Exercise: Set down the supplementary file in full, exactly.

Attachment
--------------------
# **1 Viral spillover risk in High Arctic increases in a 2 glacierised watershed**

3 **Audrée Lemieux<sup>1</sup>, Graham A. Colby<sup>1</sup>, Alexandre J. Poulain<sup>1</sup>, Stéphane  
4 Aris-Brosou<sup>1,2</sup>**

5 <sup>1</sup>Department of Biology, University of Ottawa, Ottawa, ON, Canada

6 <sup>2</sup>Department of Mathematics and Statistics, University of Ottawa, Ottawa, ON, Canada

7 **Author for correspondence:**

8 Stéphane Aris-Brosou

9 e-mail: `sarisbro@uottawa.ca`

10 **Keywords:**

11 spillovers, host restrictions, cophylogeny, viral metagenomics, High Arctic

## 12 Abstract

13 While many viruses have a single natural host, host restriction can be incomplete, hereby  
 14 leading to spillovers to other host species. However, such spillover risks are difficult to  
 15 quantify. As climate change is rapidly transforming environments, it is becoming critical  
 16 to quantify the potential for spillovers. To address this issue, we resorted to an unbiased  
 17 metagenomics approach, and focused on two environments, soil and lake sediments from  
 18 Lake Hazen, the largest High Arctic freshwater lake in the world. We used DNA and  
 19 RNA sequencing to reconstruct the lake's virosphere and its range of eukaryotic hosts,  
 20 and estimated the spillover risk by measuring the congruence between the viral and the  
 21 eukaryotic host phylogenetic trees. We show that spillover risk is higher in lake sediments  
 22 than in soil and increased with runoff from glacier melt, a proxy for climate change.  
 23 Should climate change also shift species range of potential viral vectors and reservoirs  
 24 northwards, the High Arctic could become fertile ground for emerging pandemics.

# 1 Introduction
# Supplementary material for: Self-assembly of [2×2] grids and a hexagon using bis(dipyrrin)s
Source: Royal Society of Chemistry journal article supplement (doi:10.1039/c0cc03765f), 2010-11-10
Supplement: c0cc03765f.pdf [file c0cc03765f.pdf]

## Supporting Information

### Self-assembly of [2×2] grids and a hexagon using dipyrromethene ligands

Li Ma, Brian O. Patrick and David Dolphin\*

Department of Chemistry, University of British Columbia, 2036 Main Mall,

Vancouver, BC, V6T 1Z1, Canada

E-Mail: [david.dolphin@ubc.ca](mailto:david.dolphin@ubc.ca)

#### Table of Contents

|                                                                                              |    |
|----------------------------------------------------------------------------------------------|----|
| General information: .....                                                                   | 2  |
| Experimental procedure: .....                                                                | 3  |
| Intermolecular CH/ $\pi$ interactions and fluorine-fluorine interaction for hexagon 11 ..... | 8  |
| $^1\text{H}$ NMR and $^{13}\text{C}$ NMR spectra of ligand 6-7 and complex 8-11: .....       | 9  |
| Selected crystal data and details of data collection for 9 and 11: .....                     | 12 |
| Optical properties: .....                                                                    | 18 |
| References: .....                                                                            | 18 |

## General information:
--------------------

# **1 Viral spillover risk in High Arctic increases in a 2 glacierised watershed**

3 **Audrée Lemieux<sup>1</sup>, Graham A. Colby<sup>1</sup>, Alexandre J. Poulain<sup>1</sup>, Stéphane  
4 Aris-Brosou<sup>1,2</sup>**

5 <sup>1</sup>Department of Biology, University of Ottawa, Ottawa, ON, Canada

6 <sup>2</sup>Department of Mathematics and Statistics, University of Ottawa, Ottawa, ON, Canada

7 **Author for correspondence:**

8 Stéphane Aris-Brosou

9 e-mail: `sarisbro@uottawa.ca`

10 **Keywords:**

11 spillovers, host restrictions, cophylogeny, viral metagenomics, High Arctic

## 12 Abstract

13 While many viruses have a single natural host, host restriction can be incomplete, hereby  
 14 leading to spillovers to other host species. However, such spillover risks are difficult to  
 15 quantify. As climate change is rapidly transforming environments, it is becoming critical  
 16 to quantify the potential for spillovers. To address this issue, we resorted to an unbiased  
 17 metagenomics approach, and focused on two environments, soil and lake sediments from  
 18 Lake Hazen, the largest High Arctic freshwater lake in the world. We used DNA and  
 19 RNA sequencing to reconstruct the lake's virosphere and its range of eukaryotic hosts,  
 20 and estimated the spillover risk by measuring the congruence between the viral and the  
 21 eukaryotic host phylogenetic trees. We show that spillover risk is higher in lake sediments  
 22 than in soil and increased with runoff from glacier melt, a proxy for climate change.  
 23 Should climate change also shift species range of potential viral vectors and reservoirs  
 24 northwards, the High Arctic could become fertile ground for emerging pandemics.

# 1 Introduction
# Supplementary material for: Self-assembly of [2×2] grids and a hexagon using bis(dipyrrin)s
Source: Royal Society of Chemistry journal article supplement (doi:10.1039/c0cc03765f), 2010-11-10
Supplement: c0cc03765f.pdf [file c0cc03765f.pdf]

## Supporting Information

### Self-assembly of [2×2] grids and a hexagon using dipyrromethene ligands

Li Ma, Brian O. Patrick and David Dolphin\*

Department of Chemistry, University of British Columbia, 2036 Main Mall,

Vancouver, BC, V6T 1Z1, Canada

E-Mail: [david.dolphin@ubc.ca](mailto:david.dolphin@ubc.ca)

#### Table of Contents

|                                                                                              |    |
|----------------------------------------------------------------------------------------------|----|
| General information: .....                                                                   | 2  |
| Experimental procedure: .....                                                                | 3  |
| Intermolecular CH/ $\pi$ interactions and fluorine-fluorine interaction for hexagon 11 ..... | 8  |
| $^1\text{H}$ NMR and $^{13}\text{C}$ NMR spectra of ligand 6-7 and complex 8-11: .....       | 9  |
| Selected crystal data and details of data collection for 9 and 11: .....                     | 12 |
| Optical properties: .....                                                                    | 18 |
| References: .....                                                                            | 18 |

## General information: